"Cable TV was once considered the ultimate entertainment necessity. The over-the-air days of VHF/UHF television signals couldn't keep up with the voracious need of viewers who needed more, more, more channels. Having a cable directly pumping all that high-definition content into your home became the norm, and the cable providers—who now likely provide your high-speed broadband Internet access—knew they had you on the hook.
Of course, they didn't factor in that the Internet would become their worst enemy. Services like Netflix, Hulu, and Amazon Prime Instant Video are just the most well-known names in what's become known as "cord cutting"—namely, doing away with pay TV and using Internet-based services to get all your "television" programming. No more paying a huge monthly fee for thousands of hours of TV you don't watch. Instead, pay individual services for a la carte programming. It's almost like paying for just what you watch. Almost.
Cable companies, of course, are freaking out. The average cable TV bill went up by 5.8 percent from July 2013 to July 2014, according to ABC News. That's because subscribers are dropping like flies to become cord cutters; MoffettNathanson says 3 percent of subscribers made the switch between early 2012 and mid-2014. Experian says that in 2013, 18.1 percent of households that had Netflix or Hulu became cord cutters. It's almost ironic that the cable companies probably don't lose those people entirely as customers, since most of them will need a hefty Internet pipe to get the same quality of TV over the Internet.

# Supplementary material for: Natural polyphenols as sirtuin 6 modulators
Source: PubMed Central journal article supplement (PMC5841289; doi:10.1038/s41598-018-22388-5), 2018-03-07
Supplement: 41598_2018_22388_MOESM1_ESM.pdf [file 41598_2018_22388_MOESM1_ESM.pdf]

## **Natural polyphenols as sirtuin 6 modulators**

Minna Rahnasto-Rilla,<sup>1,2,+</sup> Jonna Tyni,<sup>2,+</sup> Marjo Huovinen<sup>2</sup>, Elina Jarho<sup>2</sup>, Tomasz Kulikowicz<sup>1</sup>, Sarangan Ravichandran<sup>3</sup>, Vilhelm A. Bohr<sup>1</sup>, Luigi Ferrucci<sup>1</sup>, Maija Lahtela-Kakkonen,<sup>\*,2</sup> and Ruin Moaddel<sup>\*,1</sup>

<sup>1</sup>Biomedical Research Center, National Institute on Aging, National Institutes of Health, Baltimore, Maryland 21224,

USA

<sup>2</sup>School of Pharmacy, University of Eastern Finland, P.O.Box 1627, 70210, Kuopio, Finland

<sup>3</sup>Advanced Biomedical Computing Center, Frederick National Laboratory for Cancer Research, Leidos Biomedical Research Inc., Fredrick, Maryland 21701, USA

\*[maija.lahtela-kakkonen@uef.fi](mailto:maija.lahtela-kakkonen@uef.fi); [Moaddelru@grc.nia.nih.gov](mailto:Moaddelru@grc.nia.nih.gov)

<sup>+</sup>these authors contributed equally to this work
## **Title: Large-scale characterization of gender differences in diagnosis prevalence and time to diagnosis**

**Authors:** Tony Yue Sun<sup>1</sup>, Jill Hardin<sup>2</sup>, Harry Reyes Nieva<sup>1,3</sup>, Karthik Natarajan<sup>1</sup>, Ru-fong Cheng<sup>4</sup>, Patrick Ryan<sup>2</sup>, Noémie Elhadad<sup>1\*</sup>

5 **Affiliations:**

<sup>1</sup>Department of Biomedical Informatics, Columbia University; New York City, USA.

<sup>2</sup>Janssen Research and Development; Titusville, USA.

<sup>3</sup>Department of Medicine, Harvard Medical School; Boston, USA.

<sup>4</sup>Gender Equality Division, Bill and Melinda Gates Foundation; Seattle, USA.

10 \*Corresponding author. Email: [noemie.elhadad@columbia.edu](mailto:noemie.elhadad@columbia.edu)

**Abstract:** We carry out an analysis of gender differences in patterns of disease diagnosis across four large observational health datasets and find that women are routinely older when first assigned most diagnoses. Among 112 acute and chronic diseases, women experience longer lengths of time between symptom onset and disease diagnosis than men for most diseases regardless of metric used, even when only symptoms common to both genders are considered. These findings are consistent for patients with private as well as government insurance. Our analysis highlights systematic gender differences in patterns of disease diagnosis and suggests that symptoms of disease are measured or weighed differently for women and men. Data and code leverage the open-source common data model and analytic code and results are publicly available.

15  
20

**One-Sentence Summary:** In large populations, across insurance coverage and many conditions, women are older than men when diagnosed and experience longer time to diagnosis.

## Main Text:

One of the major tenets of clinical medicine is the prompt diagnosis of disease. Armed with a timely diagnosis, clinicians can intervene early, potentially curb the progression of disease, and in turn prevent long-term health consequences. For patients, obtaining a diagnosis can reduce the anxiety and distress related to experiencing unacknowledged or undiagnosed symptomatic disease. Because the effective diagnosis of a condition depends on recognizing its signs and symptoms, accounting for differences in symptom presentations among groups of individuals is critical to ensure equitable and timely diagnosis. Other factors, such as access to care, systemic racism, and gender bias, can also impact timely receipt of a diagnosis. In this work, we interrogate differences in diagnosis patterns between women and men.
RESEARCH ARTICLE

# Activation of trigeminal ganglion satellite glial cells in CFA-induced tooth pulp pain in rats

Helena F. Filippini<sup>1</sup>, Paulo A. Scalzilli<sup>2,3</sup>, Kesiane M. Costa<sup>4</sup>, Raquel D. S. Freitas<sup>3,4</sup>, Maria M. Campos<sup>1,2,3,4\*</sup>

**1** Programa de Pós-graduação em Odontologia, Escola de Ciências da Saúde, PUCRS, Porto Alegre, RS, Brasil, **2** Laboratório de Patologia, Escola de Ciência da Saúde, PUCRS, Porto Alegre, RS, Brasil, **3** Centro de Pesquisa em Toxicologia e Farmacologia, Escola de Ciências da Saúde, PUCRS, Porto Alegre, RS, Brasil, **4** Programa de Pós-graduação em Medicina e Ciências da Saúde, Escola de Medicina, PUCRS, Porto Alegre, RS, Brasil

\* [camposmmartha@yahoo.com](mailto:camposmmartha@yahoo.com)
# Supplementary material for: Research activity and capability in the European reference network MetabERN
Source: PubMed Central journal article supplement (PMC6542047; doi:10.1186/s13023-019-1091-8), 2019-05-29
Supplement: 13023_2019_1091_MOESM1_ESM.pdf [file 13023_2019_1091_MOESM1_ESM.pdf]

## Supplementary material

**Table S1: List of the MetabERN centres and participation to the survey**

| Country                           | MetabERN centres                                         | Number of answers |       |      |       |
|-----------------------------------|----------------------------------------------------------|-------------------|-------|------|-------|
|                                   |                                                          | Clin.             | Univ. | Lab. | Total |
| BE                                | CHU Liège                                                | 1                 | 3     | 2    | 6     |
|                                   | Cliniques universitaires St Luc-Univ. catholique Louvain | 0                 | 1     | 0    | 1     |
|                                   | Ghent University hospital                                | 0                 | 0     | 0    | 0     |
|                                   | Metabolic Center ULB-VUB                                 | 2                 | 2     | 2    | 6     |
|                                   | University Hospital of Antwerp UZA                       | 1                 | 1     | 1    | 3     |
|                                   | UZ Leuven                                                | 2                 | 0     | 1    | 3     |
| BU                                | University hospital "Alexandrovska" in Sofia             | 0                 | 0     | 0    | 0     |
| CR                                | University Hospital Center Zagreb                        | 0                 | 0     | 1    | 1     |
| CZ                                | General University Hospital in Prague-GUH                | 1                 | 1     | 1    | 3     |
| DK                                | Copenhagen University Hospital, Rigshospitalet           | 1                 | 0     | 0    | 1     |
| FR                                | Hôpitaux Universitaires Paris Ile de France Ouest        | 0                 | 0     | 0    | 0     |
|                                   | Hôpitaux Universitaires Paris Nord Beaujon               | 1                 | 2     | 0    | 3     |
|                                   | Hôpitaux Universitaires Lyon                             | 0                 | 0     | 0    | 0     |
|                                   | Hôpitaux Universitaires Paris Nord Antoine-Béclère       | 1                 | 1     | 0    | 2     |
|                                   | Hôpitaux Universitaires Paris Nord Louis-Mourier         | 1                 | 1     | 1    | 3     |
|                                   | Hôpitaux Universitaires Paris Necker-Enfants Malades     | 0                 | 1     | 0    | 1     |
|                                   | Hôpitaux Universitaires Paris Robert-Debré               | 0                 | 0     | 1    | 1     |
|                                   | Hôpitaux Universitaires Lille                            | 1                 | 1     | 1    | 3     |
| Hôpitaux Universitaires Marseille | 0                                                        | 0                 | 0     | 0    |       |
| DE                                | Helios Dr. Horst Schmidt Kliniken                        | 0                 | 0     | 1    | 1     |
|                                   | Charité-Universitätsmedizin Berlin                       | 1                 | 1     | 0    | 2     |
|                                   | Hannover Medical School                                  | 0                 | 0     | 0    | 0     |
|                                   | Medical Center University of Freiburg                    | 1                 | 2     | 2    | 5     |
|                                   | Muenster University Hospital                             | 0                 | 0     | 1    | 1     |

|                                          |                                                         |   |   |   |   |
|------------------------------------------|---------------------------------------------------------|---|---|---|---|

The FCC recently redefined what really constitutes "broadband" speed in the U.S. as 25 Megabits per second (Mbps), up from 4 Mbps, which was the standard since 2010. That puts about 17 percent of the population (55 million households) without true broadband. But, in theory, to be an effective cord cutter, a 5Mbps connection should do it."
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